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23 Some of the cultural changes that are t hought to have taken place in the provinces of San Juan and Mendoza are examined below. A causal relationship between environmental/social stressors and cultural changes is not assumed; however, it is important to acknowledge these transitions so that any existing correlations may be taken into account and examined in further detail. Cultural Chronology In general terms, little is known about Sout h American prehistory when compared to the rest of the New World, or most certainly to the Old World. In part, this may be due to the lack of an indigenous writing system. Native Americans of the Andes did not have writing systems as are known today, and th eir knotted string records, called quipus may never be fully understood (Isbell 1997; Urton 2003). Quipus are thought to have been a Huari invention that served as mnemonic devices for the Incas class of scribes, called the quipucamayoc (Bruhns 1994). While archaeol ogists (Quilter a nd Urton 2002) now recognize the numbering system that these kno tted strings might represent, the meaning of any individual quipu is not known (Urton 2003: 161-164), and their translators are now extinct without having passed down their specialized knowledge, due in part to the invasion of Spanish conquistadors. Furthermore, the research that has been undertaken in South America has predominantly focused on information from Peru, or Inca populations (Pearsall 1994; Politis 1999, 2001). To this effect, relatively little is known about Argentina. While it might be helpful to examine changes in the Cuyo compared to broad continental movements, few horizon lines cultural chr onologies defined by distinct artifacts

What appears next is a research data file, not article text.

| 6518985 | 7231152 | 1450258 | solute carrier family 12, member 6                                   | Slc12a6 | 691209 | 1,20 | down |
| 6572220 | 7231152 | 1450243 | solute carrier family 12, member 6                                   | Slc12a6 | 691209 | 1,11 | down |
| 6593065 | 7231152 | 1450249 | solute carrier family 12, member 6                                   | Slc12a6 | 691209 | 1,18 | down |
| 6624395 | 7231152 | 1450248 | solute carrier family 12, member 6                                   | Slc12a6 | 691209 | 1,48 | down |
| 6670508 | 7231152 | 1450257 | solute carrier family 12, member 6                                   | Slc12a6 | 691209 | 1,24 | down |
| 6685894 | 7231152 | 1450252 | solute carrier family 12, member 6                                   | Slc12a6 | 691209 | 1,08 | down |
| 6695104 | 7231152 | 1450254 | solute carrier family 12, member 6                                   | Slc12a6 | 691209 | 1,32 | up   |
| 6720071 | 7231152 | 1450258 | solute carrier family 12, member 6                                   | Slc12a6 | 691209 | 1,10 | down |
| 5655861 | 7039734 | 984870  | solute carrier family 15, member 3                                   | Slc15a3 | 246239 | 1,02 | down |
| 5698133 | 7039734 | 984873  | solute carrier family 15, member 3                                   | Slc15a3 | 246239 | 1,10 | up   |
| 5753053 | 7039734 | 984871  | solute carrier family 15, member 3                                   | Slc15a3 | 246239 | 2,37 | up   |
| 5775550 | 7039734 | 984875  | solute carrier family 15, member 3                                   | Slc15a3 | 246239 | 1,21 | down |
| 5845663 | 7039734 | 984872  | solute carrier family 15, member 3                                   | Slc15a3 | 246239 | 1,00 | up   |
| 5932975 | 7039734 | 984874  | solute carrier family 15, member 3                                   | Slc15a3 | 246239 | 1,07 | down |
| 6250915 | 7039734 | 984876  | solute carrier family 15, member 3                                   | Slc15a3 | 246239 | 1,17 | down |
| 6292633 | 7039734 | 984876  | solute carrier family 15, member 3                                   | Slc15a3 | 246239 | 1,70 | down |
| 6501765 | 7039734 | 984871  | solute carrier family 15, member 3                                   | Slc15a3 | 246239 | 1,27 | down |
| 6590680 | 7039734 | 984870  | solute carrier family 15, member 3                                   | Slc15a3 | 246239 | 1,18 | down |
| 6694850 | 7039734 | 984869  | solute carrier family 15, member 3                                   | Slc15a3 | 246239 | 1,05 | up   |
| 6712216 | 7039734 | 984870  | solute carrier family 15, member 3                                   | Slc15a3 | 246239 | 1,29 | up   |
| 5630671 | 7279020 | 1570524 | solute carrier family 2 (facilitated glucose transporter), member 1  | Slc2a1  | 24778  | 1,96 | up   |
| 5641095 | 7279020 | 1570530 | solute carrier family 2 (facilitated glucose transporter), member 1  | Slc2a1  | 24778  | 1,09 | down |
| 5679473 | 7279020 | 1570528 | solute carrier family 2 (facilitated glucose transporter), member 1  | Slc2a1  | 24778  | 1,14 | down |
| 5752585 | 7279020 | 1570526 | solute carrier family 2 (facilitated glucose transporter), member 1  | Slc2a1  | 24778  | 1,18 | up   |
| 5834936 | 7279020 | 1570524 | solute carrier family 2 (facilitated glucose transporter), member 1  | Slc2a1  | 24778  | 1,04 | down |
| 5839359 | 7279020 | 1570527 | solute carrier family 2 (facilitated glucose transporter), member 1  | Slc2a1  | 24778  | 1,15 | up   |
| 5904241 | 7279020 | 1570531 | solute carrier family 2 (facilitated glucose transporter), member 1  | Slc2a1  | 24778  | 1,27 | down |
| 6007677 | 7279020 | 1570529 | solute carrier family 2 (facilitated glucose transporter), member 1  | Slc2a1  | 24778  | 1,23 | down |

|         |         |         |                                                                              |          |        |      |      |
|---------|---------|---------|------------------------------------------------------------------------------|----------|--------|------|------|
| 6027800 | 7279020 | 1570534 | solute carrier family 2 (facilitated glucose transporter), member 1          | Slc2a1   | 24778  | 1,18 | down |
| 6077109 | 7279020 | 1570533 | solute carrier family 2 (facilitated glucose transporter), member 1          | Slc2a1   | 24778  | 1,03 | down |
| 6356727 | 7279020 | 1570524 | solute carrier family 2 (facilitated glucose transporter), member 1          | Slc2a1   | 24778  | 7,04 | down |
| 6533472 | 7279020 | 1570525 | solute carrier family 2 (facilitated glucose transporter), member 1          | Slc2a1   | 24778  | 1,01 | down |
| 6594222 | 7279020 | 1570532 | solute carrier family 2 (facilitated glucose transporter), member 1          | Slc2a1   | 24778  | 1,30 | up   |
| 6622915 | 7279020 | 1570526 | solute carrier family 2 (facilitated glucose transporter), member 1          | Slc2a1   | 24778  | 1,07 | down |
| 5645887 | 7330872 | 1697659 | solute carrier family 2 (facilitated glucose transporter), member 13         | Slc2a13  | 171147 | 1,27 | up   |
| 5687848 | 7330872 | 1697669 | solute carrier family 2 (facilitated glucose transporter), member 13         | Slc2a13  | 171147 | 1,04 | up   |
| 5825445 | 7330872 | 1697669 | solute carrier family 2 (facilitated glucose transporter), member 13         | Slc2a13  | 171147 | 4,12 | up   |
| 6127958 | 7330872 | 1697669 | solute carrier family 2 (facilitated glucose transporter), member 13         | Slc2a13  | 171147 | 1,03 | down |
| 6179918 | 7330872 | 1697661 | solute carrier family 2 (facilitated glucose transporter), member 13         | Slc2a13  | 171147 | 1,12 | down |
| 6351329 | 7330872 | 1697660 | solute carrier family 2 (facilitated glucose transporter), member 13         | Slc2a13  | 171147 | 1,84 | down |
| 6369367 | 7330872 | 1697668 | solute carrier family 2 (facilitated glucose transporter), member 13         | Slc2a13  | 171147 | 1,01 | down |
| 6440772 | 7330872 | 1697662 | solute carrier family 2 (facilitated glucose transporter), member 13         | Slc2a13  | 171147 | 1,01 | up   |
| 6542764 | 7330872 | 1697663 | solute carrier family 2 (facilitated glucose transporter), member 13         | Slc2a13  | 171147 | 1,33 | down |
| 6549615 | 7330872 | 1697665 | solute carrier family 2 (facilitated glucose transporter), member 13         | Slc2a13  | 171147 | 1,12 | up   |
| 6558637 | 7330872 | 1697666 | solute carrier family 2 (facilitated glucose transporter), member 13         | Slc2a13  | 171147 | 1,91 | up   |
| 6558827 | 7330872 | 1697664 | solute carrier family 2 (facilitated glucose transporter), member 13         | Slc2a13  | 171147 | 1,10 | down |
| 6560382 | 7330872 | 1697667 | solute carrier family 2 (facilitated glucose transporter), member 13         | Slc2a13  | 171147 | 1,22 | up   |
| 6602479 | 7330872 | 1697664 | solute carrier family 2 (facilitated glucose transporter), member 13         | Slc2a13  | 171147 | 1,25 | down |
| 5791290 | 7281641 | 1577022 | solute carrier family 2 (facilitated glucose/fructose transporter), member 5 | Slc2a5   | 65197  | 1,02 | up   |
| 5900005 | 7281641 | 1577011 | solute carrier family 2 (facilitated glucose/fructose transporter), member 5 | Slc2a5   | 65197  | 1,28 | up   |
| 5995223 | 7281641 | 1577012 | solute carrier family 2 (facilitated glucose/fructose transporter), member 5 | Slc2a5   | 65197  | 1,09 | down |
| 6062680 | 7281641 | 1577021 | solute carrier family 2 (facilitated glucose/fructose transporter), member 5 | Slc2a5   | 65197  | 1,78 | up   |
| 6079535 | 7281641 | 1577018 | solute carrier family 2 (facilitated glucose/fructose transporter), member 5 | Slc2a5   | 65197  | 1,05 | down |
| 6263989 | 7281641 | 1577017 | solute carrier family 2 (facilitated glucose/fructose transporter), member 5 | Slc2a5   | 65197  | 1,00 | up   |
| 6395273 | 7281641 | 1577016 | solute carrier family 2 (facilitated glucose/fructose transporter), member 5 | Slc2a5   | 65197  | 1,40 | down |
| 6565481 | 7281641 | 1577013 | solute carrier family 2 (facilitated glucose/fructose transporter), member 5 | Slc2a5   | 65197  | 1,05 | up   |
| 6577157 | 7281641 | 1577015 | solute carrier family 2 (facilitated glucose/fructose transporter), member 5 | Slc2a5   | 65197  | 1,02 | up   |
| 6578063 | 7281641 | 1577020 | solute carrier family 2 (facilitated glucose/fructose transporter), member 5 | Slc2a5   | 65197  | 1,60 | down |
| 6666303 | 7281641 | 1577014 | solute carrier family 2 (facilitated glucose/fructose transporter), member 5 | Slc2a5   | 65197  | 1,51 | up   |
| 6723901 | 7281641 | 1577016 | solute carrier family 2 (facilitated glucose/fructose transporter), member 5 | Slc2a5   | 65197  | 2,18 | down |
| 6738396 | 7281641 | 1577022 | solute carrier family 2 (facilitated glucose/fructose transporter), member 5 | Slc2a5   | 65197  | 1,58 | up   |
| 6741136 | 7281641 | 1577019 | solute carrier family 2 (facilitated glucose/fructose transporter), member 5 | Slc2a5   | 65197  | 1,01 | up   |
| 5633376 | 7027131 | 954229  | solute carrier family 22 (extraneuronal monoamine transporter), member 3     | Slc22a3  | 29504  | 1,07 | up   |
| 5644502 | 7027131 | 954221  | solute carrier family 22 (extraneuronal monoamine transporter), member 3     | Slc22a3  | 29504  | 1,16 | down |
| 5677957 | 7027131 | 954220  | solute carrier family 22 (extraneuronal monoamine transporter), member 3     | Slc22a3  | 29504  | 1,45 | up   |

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24 indicative of the rapid spread of a culture over a wide period of time exist for South America in general. Experts commonly define the four central Andean horizons as Inca, Tiahuanaco-Huari, Cuzco, and Chavin (B ruhns 1994; Vreeland 1998). While this information is spatially consistent with the area of the Cuyo, the full prehistory of Argentina has not been considered in detail nor is the temporal span particularly relevant. There exists a predominance of information regarding Inca sites, with few previous reports centering on the time period being consideration in this study. For this reason, continued research in Argentina is especially important and should include, but not be limited to, the scope of this thesis. Paleoindian and Archaic sites It is now recognized that areas of South America, such as the pre-Clovis site Monte Verde in present-day Chile, were occu pied at least 12,500 y ears ago, with later sites occurring much more frequently (Dill ehay 1999). Thus far, little is known about South American inhabitants east of the Andes mountain range. However, finds throughout northeast Argentina, Paraguay, and Uruguay suggest the region was occupied throughout the early Holocene (Gil et al. 2005 ; Bruhns 1994). The information that does exist includes the analysis and interpretation of Archaic sites including Ayampitn and Inithuasi, with the Ayampitn tool industry reco gnized as a distinct style of early points and flakes. Named after the site of Ayampit n, an open air camp in Cordoba (to the north of the Cuyo), this grouping includes distinct ive willow leaf points, flakes, and grinding tools. While tools of this type have been recovered from a number of sites, the most